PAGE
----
So you want to apply for government funding?

Since closing Tinker London in late 2010 I’ve spent my time earning money through consultancy services and assessment work. I’ve been a technical and business assessor for funding bodies like Innovate UK, EIT Digital and Horizon 2020 projects. I’ve also been a partner on two government-funded projects. I thought I’d address some of the speculations and preconceived ideas people might have about funding and how assessment happens.

Firstly, I rarely get to meet the other assessors, so I’m on my own, at home usually, with my computer. In some cases I’ll be invited to join a group discussion with other assessors especially when the budget is high (over £5M) but even then we’re not the last people to make a decision.

I’ll take about 1h per assessment in general and I have to respond and rate every question. I get a strict assessment grid and I have to justify my decision for every question. In the case of Horizon 2020 work, I have to actually write up a 20–40 page report. So it’s all pretty proper and well organised. Noone can ever say to me that government money gets wasted, but not everyone knows how to apply for funding and that’s an issue.

I see some really interesting things come across my desk and within 3–4 questions I can immediately see that they don’t know what they’re doing. I don’t mean that they don’t know what they’re doing as a business, but they don’t know how to look legitimate to me on paper. I also don’t see many women apply which always kinda kills me. So here are a few simple pointers which might help you look more legitimate to an assessor like me.

  1. Don’t copy paste. Don’t copy paste from another application, we can tell. It looks lazy and like you don’t really care about applying for this. It’s tax payers money so we have to believe this is done with as much care as possible.
  2. Include a Gantt chart. If you get asked ‘how to do you plan to run this project, submit a Gantt chart along with your explanation. In the Gantt chart, make sure to show me who is working on a task, how long, and what dependancies there are. This allows an assessor to get a sense of the shape of your work so when you claim to have an Agile process we can actually see it in the Gantt. If you don’t have people for some tasks yet, just put their role in, but someone has to be doing that job (and if its the founder doing all the jobs at the same time that’s probably going to be a nightmare). A Gantt chart is both useful to you as an applicant and to an assessor so be thorough. Team Gantt is a pretty good friendly in-browser tool you can use.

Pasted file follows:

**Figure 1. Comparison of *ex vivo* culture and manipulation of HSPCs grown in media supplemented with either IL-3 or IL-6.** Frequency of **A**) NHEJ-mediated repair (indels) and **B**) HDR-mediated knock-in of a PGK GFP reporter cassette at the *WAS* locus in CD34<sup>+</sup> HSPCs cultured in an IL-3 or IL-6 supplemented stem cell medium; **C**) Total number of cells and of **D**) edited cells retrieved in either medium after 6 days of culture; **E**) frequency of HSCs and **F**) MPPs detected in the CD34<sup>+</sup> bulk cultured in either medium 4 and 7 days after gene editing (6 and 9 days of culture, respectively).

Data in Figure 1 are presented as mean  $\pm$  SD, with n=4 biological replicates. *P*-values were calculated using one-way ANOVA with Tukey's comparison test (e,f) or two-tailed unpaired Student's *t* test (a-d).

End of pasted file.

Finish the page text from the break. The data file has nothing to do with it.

3. Include a risk register. This is another standard for presenting information and it’s really useful when done well. It allows an assessor to look at the highest risks you’ve identified and whether their mitigation plans seem credible. It’s a good format for realising the importance (not triviality) of your worries as a business. The Australian government have a nice template online you can follow.
  4. Include your planned sales numbers. Treat an application for public money as you would a VC. It’s a form aof investment and you have to make assessors dream a little about what your company’s success might look like. Share sales numbers, customers, secondary customers, markets, and how much of a dent into those markets you’ll make. Especially if the call for funding is in ‘innovation’ with a focus on small businesses, that story is really important.
  5. Apply with a partner company if you can. If you can’t, mention the people and organisations you’re looking to involve or sell to at the very beginning of the application. It’s always nice to see a company that has enough drive to be getting on with things, meeting future customers, building networks.
  6. Kill the buzzwords. Don’t use terrible terminology or buzzwords if you don’t need to. The assessors are, like me, very good at what they do and are going to get irritated by ‘synergy’ or whatever appearing a little too often. Be clear, concise and focused in your writing.

I can’t guarantee that doing these things will definitely get you funding, but it will help get your idea across and be good for your team. Finding funding is hard (I tried for almost 2 years for Good Night Lamp) so you don’t want to be dismissed for the wrong reasons. Public funding isn’t for everyone but by doing the things I’ve mentioned, you’re also probably going to make a better case to a more corporate investor. So with that in mind, I wish you good luck!

Author of 'Smarter Homes: how technology has changed your home life' (Apress, 2018) Writing a book on corporate innovation culture out in 2020. Designer. UK.

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